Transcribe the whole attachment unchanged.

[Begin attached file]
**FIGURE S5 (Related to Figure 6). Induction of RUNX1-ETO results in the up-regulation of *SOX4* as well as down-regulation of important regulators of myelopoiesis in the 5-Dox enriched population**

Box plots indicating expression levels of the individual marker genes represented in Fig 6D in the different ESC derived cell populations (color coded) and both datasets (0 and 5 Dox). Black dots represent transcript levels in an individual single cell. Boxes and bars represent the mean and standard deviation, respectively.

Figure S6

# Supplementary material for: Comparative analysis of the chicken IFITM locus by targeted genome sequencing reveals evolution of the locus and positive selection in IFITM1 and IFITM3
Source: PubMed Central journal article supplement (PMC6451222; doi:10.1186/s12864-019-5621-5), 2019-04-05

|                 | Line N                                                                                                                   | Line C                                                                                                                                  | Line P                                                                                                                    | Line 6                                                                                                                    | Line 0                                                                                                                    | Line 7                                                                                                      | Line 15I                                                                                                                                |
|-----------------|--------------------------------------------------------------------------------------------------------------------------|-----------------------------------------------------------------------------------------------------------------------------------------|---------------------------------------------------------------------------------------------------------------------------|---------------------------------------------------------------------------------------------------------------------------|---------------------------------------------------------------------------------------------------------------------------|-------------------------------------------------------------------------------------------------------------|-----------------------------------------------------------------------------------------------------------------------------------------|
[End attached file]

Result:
**FIGURE S5 (Related to Figure 6). Induction of RUNX1-ETO results in the up-regulation of *SOX4* as well as down-regulation of important regulators of myelopoiesis in the 5-Dox enriched population**

Box plots indicating expression levels of the individual marker genes represented in Fig 6D in the different ESC derived cell populations (color coded) and both datasets (0 and 5 Dox). Black dots represent transcript levels in an individual single cell. Boxes and bars represent the mean and standard deviation, respectively.

Figure S6

# Supplementary material for: Comparative analysis of the chicken IFITM locus by targeted genome sequencing reveals evolution of the locus and positive selection in IFITM1 and IFITM3
Source: PubMed Central journal article supplement (PMC6451222; doi:10.1186/s12864-019-5621-5), 2019-04-05

|                 | Line N                                                                                                                   | Line C                                                                                                                                  | Line P                                                                                                                    | Line 6                                                                                                                    | Line 0                                                                                                                    | Line 7                                                                                                      | Line 15I                                                                                                                                |
|-----------------|--------------------------------------------------------------------------------------------------------------------------|-----------------------------------------------------------------------------------------------------------------------------------------|---------------------------------------------------------------------------------------------------------------------------|---------------------------------------------------------------------------------------------------------------------------|---------------------------------------------------------------------------------------------------------------------------|-------------------------------------------------------------------------------------------------------------|-----------------------------------------------------------------------------------------------------------------------------------------|